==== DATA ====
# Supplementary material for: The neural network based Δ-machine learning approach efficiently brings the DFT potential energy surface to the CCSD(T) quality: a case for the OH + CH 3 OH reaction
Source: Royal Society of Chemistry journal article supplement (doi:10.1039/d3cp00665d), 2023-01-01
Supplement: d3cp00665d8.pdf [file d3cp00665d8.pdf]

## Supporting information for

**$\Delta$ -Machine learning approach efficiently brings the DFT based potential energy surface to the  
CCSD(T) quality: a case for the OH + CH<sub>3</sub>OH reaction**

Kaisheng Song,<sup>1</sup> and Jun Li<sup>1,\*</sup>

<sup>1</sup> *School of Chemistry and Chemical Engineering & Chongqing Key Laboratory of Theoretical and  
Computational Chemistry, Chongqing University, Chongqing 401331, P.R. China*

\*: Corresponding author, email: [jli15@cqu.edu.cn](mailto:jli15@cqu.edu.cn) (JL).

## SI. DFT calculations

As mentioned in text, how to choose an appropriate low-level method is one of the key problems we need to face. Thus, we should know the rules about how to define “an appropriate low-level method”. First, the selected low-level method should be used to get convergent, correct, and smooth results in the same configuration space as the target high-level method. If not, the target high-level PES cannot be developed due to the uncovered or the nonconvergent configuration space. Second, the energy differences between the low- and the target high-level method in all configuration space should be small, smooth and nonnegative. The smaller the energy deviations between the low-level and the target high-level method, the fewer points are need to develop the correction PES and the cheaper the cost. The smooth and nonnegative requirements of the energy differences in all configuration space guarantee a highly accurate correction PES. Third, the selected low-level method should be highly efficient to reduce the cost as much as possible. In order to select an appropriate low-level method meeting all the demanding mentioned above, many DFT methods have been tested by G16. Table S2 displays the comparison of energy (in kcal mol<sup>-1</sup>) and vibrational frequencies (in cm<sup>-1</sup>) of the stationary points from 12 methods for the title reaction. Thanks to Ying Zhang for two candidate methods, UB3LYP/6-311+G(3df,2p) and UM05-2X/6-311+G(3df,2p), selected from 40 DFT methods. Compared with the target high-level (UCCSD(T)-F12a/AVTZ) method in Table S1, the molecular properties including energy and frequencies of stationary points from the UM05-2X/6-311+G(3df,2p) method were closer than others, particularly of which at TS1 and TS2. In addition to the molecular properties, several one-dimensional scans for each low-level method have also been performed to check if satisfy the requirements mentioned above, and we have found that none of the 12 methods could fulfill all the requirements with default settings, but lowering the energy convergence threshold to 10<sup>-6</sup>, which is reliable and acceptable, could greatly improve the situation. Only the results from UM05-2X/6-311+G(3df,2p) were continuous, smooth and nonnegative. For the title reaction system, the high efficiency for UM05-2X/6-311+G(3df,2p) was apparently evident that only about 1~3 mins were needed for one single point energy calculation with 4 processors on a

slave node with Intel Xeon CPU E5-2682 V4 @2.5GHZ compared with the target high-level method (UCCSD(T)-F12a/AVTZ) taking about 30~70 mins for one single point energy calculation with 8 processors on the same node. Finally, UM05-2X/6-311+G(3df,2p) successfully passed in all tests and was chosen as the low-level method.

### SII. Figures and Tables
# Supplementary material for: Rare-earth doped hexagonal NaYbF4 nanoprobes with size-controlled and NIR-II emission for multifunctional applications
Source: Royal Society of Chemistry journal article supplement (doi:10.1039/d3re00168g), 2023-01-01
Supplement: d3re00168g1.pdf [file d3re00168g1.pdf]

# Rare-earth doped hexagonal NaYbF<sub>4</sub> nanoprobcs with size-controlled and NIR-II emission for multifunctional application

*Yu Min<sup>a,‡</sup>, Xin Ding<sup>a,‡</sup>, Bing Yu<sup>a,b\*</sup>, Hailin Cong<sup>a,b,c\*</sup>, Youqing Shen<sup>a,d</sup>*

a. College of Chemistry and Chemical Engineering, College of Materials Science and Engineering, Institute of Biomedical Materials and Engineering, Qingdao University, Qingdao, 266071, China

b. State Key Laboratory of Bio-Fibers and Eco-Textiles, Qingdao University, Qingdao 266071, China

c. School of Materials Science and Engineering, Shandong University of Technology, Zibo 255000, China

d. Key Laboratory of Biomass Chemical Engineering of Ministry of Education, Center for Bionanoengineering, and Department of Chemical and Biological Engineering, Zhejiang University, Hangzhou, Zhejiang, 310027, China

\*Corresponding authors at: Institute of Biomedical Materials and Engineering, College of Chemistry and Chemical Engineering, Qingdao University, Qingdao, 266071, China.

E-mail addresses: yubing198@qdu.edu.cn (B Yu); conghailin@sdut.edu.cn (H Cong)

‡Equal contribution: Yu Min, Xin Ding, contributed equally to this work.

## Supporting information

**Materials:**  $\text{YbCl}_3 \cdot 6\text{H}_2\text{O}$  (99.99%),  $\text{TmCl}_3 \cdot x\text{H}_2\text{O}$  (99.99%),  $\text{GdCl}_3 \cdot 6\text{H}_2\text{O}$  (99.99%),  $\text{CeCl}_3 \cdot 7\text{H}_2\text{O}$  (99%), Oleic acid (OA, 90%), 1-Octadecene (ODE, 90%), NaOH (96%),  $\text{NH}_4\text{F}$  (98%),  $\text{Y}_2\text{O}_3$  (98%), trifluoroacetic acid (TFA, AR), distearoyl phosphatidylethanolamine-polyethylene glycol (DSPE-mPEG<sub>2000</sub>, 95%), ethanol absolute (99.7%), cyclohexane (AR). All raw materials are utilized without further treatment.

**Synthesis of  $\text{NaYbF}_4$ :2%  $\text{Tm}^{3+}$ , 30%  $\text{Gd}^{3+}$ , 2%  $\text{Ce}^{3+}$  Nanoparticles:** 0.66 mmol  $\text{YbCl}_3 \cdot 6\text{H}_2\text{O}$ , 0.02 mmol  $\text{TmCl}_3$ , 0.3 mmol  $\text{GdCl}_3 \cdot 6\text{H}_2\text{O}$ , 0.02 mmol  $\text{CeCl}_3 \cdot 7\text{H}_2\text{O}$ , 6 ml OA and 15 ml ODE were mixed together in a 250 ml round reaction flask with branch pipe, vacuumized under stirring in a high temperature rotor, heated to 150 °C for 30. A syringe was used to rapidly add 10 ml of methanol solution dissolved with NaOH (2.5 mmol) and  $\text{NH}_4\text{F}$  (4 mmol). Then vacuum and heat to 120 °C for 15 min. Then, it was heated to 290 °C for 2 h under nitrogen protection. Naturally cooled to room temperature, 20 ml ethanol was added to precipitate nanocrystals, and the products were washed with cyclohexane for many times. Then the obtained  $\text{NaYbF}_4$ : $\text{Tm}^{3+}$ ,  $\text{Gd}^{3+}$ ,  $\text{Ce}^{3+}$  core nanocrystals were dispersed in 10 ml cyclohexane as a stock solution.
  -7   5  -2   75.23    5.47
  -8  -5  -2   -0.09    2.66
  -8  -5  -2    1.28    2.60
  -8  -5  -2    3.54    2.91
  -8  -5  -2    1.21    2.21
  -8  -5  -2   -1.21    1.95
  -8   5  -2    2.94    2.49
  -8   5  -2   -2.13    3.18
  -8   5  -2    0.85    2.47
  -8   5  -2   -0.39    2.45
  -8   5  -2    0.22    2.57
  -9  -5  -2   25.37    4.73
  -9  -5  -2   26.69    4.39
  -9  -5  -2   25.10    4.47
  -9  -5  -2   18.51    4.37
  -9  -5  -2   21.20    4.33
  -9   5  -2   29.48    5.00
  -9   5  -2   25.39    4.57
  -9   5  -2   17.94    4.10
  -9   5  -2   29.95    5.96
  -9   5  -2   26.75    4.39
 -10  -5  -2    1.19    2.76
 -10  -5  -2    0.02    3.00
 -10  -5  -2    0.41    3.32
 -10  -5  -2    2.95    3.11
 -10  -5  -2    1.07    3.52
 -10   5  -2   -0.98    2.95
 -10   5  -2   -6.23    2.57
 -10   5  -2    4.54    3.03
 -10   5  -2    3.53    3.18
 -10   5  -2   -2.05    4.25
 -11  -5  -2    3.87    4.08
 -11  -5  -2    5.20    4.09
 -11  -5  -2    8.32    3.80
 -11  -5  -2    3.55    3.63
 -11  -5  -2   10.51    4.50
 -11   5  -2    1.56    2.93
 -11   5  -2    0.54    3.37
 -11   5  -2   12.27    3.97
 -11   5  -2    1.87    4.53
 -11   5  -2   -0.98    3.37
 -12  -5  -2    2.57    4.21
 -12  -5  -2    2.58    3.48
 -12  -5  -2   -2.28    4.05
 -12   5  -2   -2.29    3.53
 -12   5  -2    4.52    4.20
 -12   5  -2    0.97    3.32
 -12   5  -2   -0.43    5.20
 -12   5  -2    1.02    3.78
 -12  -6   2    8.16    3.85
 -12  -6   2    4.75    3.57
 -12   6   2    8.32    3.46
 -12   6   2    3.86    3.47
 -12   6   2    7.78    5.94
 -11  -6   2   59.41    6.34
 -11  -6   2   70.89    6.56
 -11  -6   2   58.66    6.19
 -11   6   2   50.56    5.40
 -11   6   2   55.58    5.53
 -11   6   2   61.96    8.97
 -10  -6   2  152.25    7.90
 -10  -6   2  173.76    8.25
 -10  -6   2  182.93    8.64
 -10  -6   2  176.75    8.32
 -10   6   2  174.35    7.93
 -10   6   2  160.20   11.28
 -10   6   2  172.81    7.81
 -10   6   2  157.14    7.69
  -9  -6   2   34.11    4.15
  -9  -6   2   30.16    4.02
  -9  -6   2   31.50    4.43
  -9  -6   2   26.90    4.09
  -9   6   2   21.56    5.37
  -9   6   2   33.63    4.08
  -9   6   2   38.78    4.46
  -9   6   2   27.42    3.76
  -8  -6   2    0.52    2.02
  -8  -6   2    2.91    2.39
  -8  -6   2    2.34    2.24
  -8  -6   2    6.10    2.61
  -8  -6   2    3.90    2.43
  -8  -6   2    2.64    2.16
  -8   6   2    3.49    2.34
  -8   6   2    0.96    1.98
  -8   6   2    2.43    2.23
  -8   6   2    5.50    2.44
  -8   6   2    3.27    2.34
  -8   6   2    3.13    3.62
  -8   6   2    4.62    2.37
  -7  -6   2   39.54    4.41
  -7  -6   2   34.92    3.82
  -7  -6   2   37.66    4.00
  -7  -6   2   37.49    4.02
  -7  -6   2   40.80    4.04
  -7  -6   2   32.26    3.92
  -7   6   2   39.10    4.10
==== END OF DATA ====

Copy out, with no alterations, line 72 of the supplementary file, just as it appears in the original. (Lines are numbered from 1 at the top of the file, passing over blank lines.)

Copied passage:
 -12  -5  -2    2.58    3.48